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Hollywood: my failures in the film business


My failures in the film business go right back to my second novel, Tennis and the Masai. It was serialised on BBC Radio 4 soon after publication, but has never been filmed, despite numerous approaches over the years.

Sir Alec Guinness named Tennis and the Masai as his book of the year in the Sunday Times. He also wrote to tell me how much he had enjoyed it. Trevor Howard got in touch too, ringing to discuss a film version. He contacted the BBC, but nothing ever came of the idea, despite the enthusiasm of two such big stars.

I had high hopes too of The Greatest Day in History. To the disappointment of Christian booksellers in America, who returned the book in droves, it isn’t about the birth of Jesus Christ. It’s about the Armistice of November 1918 and takes its title from a¬†contemporary headline.

Again, I have had numerous approaches over the years. My annus mirabilis was 2008, when it looked as if I was going to sell the same book twice: once as a major motion picture in Hollywood, again as a TV spectacular across Europe.

The Hollywood version was to be fiction. The TV version was to be a documentary. It would have been a pretty showy double if I had managed to pull it off.

I got as far as a telephone call from Cannes. It was the call authors long for. The TV version had been taken to the film festival and the money to make it had been found. ‘Good news!’ they told me down the line. ‘We have the cash. It’s a go!’

What went wrong? The clue lies in the date. The year 2008 saw the banking crisis and a worldwide collapse in confidence. The money evaporated overnight and both projects were shelved indefinitely.

The next approach came from director Joe Wright (Atonement, Anna Karenina, Pride and Prejudice, if you didn’t know). His film company had a reassuringly spartan office near the BBC in London.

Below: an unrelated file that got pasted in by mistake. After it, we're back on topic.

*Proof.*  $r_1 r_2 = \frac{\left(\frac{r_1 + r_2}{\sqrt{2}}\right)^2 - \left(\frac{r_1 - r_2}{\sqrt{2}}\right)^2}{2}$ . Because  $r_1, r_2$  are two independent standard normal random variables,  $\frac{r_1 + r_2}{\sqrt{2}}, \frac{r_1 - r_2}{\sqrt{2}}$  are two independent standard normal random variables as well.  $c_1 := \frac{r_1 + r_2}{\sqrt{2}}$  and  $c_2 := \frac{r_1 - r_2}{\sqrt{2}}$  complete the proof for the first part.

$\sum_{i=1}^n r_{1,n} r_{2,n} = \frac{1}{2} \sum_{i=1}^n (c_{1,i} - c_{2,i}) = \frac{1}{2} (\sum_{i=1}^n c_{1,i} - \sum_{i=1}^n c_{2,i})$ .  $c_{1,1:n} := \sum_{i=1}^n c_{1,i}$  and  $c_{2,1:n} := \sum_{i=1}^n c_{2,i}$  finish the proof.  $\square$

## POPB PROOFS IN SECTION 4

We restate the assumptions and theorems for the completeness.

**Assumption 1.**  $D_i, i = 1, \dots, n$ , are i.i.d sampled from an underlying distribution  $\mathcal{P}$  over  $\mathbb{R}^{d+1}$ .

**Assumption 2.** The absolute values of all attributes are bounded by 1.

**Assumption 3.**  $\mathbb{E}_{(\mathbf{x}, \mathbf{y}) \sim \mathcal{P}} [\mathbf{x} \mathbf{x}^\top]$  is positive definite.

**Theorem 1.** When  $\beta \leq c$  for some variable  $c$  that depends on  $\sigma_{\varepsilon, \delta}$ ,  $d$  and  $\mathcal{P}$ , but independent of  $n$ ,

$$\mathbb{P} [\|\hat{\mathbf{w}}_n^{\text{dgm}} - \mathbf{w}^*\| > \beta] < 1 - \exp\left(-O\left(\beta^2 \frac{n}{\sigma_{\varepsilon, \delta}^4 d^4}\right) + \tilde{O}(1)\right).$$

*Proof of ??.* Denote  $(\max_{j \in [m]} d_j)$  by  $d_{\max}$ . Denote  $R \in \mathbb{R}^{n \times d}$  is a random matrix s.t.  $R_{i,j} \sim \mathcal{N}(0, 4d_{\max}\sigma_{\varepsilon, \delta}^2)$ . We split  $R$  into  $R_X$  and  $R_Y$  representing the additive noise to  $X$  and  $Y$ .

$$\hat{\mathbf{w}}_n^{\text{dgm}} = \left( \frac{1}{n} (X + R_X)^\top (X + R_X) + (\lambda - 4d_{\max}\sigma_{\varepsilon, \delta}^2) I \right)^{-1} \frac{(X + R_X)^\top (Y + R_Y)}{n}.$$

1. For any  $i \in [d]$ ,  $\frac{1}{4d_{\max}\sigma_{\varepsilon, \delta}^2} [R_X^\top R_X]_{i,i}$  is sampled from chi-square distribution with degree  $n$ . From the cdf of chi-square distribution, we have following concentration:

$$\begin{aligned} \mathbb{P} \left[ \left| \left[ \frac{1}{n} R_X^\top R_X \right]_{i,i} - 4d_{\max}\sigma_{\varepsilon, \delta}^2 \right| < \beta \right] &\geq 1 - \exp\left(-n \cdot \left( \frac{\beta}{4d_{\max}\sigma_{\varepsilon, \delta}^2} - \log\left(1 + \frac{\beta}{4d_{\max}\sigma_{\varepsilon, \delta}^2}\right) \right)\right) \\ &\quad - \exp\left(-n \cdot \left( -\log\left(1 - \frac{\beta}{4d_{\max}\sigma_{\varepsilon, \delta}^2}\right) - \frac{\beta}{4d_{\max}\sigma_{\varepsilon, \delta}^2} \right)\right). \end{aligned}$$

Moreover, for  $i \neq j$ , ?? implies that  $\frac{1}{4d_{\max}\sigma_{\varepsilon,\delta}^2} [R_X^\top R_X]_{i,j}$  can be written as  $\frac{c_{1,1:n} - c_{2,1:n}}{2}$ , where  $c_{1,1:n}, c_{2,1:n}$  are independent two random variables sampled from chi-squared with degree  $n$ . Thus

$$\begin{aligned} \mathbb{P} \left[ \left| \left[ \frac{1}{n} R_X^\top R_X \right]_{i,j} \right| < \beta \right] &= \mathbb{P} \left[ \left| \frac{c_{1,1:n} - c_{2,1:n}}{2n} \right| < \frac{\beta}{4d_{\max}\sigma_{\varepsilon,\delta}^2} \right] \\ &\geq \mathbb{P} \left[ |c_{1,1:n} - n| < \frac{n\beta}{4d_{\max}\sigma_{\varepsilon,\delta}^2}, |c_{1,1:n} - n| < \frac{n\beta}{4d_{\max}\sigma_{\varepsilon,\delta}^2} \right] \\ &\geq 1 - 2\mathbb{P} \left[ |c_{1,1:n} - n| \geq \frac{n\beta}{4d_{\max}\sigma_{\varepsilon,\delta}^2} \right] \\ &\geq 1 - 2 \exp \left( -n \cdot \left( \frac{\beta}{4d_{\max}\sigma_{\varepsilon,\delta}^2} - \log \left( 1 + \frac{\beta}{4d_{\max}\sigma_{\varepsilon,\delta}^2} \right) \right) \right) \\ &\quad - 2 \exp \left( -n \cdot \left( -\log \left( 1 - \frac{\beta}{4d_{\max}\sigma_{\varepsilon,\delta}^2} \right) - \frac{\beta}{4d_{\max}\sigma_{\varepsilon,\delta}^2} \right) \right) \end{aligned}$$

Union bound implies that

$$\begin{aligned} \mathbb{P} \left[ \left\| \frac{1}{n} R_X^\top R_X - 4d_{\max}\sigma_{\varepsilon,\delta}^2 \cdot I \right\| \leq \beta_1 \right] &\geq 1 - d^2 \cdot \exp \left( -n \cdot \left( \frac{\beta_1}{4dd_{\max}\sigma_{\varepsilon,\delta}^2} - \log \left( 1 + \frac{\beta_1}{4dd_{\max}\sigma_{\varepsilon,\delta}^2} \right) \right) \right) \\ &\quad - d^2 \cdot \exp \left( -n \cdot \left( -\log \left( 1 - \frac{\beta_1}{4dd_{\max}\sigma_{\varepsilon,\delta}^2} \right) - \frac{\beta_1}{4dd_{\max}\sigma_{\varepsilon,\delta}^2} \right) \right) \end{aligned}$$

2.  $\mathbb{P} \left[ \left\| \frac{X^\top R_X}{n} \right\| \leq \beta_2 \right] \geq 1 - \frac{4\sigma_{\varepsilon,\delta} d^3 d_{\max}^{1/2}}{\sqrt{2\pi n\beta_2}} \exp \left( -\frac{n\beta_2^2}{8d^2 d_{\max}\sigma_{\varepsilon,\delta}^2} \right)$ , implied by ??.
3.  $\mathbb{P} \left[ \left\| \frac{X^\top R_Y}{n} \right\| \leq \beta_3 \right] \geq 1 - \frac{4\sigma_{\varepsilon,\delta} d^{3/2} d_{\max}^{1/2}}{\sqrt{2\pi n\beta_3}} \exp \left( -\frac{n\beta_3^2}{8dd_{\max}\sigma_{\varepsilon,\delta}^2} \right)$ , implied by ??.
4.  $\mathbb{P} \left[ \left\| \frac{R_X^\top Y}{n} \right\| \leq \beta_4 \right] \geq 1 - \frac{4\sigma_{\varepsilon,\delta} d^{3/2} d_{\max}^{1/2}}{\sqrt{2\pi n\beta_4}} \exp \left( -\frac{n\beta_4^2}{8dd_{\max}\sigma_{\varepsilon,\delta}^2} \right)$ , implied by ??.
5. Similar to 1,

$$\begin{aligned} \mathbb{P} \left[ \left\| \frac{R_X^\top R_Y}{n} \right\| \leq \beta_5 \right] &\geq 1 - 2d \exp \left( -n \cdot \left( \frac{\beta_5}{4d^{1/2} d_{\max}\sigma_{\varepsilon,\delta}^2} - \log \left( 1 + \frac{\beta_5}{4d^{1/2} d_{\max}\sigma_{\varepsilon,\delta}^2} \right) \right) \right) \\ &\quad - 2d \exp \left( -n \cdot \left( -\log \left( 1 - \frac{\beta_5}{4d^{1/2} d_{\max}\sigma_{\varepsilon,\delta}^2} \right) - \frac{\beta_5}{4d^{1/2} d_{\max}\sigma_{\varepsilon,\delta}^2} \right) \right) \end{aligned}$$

I duly turned up for a meeting. Surrounded by enormous posters of Keira Knightley, I listened happily as I was told that Wright’s production team would take The Greatest Day in History to the BBC. With a brilliant,¬†award-winning director behind the book, I told myself that the BBC could hardly say no.

They did, of course. They told Wright that they were already planning a film about the Armistice and didn’t need him or my book. From past experience of the BBC, I suspect their version will be pretty pedestrian when it comes out.

Other books? Five Days that shocked the World was a success all over the world when it first came out. I may even get some money out of my Rumanian publisher soon. I got the Hollywood call again, accompanied by an actual contract this time, but the terms were so dishonest that I refused to sign it. I never heard anything more.

My biggest disappointment has been Point Lenana. It’s a novella about a Kenya settler’s daughter who falls in love with a German mountaineer in the summer of 1939. Fifty years later, his body is discovered, perfectly preserved, in the ice of Mount Kenya. He is still young and handsome when he is brought down, but she is old and sad, grieving for all the lost years that they could have had together.

I wrote Point Lenana with cinema in mind. The San Francisco Chronicle guessed as much when its reviewer gave the book a big thumbs-up and called it ‘a Hollywood blockbuster in miniature’.

Nobody else noticed, though. Certainly not in Hollywood. Perhaps Amazon or Netflix will come to the rescue one day.

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